Saturday, June 22, 2024

Views from the top

Valedictorian Rebecca Marx and salutatorian Anna Preston speak on journey to the top of their class

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AZLE — On May 24, Azle High School seniors will say goodbye to high school and hello to the rest of their lives at a Fort Worth Convention Center graduation ceremony. To usher them into this next stage of their lives are two students who have managed to come out on top through their four years together. Rebecca Marx and Anna Preston will represent the graduating class of 2024 on-stage as valedictorian and salutatorian, respectively. Marx and Preston are both lifelong Azle ISD students.

Marx is involved in AP Ambassadors, National Honor Society and Students Advocating for a Viable Environment. Since her first high school transcript, Marx has led her class academically and has also performed as a star athlete.

“Obviously, I wanted to be towards the top, but I was already one my freshman year — I was first,” Marx said. “And so, when I got that paper, I was like well now it’d be embarrassing to go down, so I’ve got to stay here.”

Naturally competitive and a self-described perfectionist, she has been on the varsity soccer and track teams all four years of high school, and has been a team captain and attended regionals for the last three. During the sports season, Marx will sometimes be at the high school from 6 a.m. to 6 p.m. before returning home to study.

Marx plans to attend Baylor University, where she is enrolled in the Hankamer business scholars program, to double-major in accounting and management information systems. After graduating, she hopes to be an accountant like her mother. Marx has high aspirations and hopes to work for one of the big four accounting firms: Deloitte, Ernst & Young, PricewaterhouseCoopers, and Klynveld Peat Marwick Goerdeler. The valedictorian said her parents, Larry and Susan Marx, not only have inspired her career path but are also the first in a long list of individuals who she said have helped elevate and encourage her to always aim high.

“They never put any pressure on me to do well, but they were supportive instead,” Marx said. “They were very supportive through everything, whatever I wanted to do. I decided to quit band and they supported me through that and (supported) the things I did choose to do in the end like soccer and track.”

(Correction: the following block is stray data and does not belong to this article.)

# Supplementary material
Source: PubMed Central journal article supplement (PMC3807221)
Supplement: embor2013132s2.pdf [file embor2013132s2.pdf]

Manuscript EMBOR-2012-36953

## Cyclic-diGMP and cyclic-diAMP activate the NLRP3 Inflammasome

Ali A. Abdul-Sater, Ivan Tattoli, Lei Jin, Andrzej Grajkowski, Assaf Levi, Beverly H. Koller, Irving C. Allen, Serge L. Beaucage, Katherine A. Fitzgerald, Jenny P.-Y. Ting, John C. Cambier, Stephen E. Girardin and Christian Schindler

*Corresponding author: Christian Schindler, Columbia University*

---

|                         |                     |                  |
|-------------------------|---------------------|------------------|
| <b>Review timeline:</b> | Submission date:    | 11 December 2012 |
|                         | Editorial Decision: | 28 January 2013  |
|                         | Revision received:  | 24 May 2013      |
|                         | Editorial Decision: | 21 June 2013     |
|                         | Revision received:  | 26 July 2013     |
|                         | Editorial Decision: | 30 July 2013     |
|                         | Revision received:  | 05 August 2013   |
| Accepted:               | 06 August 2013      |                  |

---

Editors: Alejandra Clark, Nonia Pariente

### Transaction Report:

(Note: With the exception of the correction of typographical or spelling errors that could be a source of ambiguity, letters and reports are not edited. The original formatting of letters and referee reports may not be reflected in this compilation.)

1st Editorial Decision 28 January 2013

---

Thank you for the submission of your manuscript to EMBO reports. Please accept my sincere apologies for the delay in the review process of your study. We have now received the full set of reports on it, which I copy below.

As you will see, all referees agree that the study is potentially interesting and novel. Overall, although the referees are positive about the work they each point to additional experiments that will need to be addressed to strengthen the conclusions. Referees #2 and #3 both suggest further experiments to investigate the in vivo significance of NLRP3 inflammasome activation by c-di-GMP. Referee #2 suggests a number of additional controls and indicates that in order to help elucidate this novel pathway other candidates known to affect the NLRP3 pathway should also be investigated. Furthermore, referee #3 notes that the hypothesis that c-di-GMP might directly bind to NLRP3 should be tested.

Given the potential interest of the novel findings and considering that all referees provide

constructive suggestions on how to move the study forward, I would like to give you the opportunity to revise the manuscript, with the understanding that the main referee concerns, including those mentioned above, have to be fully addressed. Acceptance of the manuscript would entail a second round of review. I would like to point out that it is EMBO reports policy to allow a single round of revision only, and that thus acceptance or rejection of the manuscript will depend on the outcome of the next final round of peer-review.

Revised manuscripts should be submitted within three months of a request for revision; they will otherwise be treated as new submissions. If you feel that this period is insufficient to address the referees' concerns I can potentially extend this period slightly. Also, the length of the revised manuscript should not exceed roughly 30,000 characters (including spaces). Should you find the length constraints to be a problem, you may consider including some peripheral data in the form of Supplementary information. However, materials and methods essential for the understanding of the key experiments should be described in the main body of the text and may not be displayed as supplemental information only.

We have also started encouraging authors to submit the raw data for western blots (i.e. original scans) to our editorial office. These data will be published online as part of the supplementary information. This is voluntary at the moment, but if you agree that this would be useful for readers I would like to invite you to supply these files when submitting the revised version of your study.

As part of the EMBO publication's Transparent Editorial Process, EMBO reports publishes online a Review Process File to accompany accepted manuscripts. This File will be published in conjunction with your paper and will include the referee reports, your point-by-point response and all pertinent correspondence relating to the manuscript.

AHS accounting teachers Kelsie Jones and Rachel Bevan have been a critical resource for Marx in discovering her interests. Marx also credits the Gifted and Talented program and her elementary school teachers for further encouraging her along the path of success.

“Jones is good at life lessons,” Marx said. “They both showed me that there’s more you can do than just sticking with one thing through your life … (GT) gave me teachers who really challenged me in areas where I probably wasn’t being challenged before. My third grade teacher Mrs. Reasoner and then my fifth and sixth grade teacher Mrs. Browning were both very big on making sure to challenge us to do the best we can.”

Marx has four older siblings who have also attended Azle schools: Aaron, Austen, Grace and Eva.

“Eva, my older sister by two years, has definitely been one of my biggest supporters in my life ever,” Marx said. “She encourages me in every single thing I do ever and she’s way too sweet to be my sister. She’s way too nice. She’s just always been there for me. She is just so happy for everything I do. I really appreciate her.”

This star student recommends always putting your best foot forward in everything you do in order to succeed now and in the future.